Critical Language Scholarship Program | Tyler Le
On the way to a weekend excursion in Kazbegi, my cohort and I stopped to take a picture and admire the view of Devil's Valley, at the Russia-Georgia Friendship Monument

Tyler Le

Tyler Le is an alumnus of the 2018 CLS Russian program in Tbilisi, Georgia. He’s currently a junior at University of California, Los Angeles, majoring in Biomedical Engineering. Tyler plans to pursue a medical degree at Uniformed Services University of the Health Sciences, where he intends to specialize in emergency medicine. He enjoys hiking, traveling, cooking and culinary explorations, and trying unique and culturally significant foods from every corner of the world.

Sharing American Diversity

A second-generation Vietnamese-American, I grew up in Westminster, California, a predominantly Vietnamese community in Orange County. While on the CLS Program, I was often asked about my family, my background, and where I’m from. As a Vietnamese-American, many Georgians had difficulty understanding my reply of simply “California, USA.” Their idle curiosity would turn into fruitful discussions of American multiculturalism, the mix of ethnic groups, languages and cultures that coexist in American society. And much to my surprise, Georgia is also an incredibly diverse country with various ethnic groups living within its borders including a large population of Armenians and Azerbaijanis.

The Road Ahead

After serving in the military I plan to work for Doctors without Borders in areas with large Russian-speaking populations including Central Asia and Eastern Europe. Working in these areas, I will be both a practical and effective doctor, able to communicate without a mediator with my patients. The importance of trust and confidence in the doctor’s actions is underrated as an effective part of medical treatment. I want to build a working relationship with Russian colleagues and help each other understand different local remedies and regional treatments for different afflictions.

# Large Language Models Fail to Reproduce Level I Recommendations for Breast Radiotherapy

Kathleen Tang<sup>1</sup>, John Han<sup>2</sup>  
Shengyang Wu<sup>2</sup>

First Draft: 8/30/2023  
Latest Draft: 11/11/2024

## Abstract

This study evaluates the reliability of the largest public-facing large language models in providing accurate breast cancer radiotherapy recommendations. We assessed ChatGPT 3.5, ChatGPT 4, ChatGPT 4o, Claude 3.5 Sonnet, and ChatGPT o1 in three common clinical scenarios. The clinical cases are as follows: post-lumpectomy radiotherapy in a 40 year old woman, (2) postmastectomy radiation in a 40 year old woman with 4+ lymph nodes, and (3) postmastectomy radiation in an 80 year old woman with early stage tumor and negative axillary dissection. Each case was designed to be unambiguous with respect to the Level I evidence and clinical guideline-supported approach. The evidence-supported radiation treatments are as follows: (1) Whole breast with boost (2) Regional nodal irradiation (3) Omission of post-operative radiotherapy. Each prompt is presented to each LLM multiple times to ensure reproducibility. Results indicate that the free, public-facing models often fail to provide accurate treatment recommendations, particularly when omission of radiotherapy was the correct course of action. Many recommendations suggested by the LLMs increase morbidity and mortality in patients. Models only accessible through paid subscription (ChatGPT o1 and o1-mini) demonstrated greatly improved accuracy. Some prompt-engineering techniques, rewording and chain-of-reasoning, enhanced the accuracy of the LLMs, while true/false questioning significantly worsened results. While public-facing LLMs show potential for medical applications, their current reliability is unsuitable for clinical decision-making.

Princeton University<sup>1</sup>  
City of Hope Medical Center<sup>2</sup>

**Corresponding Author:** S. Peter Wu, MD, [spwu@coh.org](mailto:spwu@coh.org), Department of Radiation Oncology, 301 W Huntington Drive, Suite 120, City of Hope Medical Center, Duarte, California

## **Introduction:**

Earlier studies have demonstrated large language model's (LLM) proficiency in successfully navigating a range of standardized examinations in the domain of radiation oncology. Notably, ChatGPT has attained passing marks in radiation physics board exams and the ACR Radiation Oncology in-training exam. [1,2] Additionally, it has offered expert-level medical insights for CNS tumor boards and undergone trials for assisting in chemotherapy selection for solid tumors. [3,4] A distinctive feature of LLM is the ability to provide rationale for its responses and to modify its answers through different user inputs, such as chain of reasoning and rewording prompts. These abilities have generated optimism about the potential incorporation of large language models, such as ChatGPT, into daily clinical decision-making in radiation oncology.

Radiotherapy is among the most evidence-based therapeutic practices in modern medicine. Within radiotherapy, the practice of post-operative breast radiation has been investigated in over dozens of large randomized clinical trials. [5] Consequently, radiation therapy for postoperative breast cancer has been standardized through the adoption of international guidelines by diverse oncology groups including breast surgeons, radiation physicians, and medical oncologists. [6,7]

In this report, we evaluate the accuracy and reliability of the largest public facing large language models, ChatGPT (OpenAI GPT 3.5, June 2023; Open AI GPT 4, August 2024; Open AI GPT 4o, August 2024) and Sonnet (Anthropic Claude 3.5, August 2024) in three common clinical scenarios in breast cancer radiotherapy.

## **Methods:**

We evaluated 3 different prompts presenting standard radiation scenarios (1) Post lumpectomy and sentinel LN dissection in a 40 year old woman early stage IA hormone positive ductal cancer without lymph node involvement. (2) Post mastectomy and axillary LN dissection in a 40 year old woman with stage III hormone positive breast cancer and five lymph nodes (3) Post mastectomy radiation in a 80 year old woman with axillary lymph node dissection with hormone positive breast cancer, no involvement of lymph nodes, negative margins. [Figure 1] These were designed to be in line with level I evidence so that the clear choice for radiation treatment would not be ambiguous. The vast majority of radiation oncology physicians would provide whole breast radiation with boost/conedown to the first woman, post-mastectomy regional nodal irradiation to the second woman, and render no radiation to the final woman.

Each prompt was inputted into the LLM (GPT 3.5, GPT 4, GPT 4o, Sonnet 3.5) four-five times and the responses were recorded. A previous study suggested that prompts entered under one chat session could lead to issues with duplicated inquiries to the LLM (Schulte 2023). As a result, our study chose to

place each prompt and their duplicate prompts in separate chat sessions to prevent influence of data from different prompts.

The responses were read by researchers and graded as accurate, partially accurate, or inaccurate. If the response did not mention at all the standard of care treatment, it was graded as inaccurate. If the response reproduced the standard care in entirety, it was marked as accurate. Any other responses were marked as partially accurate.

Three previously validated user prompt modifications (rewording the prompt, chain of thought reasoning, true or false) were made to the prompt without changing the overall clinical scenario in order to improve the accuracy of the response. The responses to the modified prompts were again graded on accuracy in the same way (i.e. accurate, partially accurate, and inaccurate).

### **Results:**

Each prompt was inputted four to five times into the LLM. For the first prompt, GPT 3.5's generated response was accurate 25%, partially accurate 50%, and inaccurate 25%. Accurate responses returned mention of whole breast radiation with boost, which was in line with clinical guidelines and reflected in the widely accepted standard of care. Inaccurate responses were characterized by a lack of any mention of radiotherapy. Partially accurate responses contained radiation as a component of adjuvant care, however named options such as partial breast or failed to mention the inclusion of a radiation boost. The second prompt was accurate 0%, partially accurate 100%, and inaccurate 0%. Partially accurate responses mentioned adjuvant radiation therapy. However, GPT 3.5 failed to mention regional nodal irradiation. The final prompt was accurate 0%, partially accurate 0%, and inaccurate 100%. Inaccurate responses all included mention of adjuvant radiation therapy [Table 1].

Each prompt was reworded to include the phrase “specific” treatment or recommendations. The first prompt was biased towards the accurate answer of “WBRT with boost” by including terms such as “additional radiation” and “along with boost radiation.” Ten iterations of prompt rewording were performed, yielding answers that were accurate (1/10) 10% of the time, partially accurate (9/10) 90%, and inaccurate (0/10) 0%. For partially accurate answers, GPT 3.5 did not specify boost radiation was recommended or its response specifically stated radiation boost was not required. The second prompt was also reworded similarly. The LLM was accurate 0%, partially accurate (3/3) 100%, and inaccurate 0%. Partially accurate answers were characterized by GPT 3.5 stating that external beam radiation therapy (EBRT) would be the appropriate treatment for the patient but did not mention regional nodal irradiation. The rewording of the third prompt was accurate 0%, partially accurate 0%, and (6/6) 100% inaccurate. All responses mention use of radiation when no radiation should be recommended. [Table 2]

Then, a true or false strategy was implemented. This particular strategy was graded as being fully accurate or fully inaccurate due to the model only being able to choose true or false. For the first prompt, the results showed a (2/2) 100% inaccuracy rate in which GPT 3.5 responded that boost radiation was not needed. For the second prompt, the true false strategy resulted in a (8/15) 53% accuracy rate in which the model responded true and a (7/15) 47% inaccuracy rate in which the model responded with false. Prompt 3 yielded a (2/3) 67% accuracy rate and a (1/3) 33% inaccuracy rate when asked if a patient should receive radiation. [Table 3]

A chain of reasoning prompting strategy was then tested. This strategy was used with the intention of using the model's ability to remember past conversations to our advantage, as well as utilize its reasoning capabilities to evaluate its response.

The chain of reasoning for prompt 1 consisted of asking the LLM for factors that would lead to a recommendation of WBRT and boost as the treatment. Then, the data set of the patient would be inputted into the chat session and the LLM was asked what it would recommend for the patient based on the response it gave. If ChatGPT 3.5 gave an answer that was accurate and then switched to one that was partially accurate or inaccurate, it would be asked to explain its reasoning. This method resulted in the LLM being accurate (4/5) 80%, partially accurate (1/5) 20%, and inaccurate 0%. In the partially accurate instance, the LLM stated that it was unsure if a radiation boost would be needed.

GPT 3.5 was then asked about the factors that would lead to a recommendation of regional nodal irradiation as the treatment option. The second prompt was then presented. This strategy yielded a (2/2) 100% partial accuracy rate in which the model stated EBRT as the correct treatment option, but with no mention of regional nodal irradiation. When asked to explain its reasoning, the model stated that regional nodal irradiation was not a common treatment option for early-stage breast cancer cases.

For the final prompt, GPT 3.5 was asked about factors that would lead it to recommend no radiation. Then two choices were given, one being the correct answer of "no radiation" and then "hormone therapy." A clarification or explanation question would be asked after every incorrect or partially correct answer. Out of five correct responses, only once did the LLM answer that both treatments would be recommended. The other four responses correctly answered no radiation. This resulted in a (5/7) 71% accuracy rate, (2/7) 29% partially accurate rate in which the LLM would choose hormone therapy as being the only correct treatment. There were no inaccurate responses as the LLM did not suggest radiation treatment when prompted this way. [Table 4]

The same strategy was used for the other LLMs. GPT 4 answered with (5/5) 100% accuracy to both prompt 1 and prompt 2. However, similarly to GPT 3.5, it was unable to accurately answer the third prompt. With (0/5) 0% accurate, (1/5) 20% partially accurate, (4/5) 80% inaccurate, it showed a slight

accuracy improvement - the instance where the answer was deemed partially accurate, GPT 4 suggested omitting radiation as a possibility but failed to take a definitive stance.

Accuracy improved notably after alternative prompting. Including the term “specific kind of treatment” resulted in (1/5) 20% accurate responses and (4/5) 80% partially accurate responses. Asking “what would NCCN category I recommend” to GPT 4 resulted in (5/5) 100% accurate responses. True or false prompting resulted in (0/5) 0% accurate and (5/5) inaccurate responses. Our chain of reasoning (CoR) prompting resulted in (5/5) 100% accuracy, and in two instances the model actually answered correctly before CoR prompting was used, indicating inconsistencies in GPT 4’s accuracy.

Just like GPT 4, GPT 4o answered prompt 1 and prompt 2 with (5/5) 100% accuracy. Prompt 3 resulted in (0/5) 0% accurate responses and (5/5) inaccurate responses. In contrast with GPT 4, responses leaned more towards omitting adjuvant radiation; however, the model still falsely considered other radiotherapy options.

Because I had allowed myself to be open in Georgia to experiencing new things, I’ve seen how rich the experience can be and I’m glad to be able to bring that mindset back to the US and with me for the rest of my life.

Meaningful Everyday Moments

While cutting my hair, the barber across the street from my host family’s home told me about his life, his time serving in the Soviet army, his dacha, his family and his two children. One late Friday night after a long week, I set out to go to the sauna in the Old City and ran into the barber as he was closing up. When I told him where I was going, he replied with a simple “давай,” (“come on”) gesturing to his car. A strange man who cut my hair was offering to drive me to the sauna. And I went with him.

There wasn’t any epiphany-inducing moment that is often romanticized when it comes to study abroad, but this encounter and many other experiences have impacted my life in numerous ways and I’m glad to have had the opportunity to travel in Tbilisi. It was the accumulation of small lessons and encounters with people from a world away, putting myself in a new environment that allowed me to perceive the world through a different set of lenses.

Learning Russian in Georgia

Russian has such incredible phrases as “Когда рак на горе свистнет” which translates to “When the crawfish whistles on the mountains” or, in more understandable words, the Russian equivalent of “when pigs fly.” As a former Soviet republic, Georgia has a complicated relationship with the Russian language and has begun a shift towards English as the de facto second language in the country for business and education. Though there is a noticeable difference in competency levels of Russian between the younger and older generations, there is still so much to learn from those who lived under the Soviet era, especially since Georgia was allowed to retain the Georgian language in official capacities. In this regard, Georgia occupies a unique space in the post-Soviet era among the former republics.

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Posted Date

May 06, 2019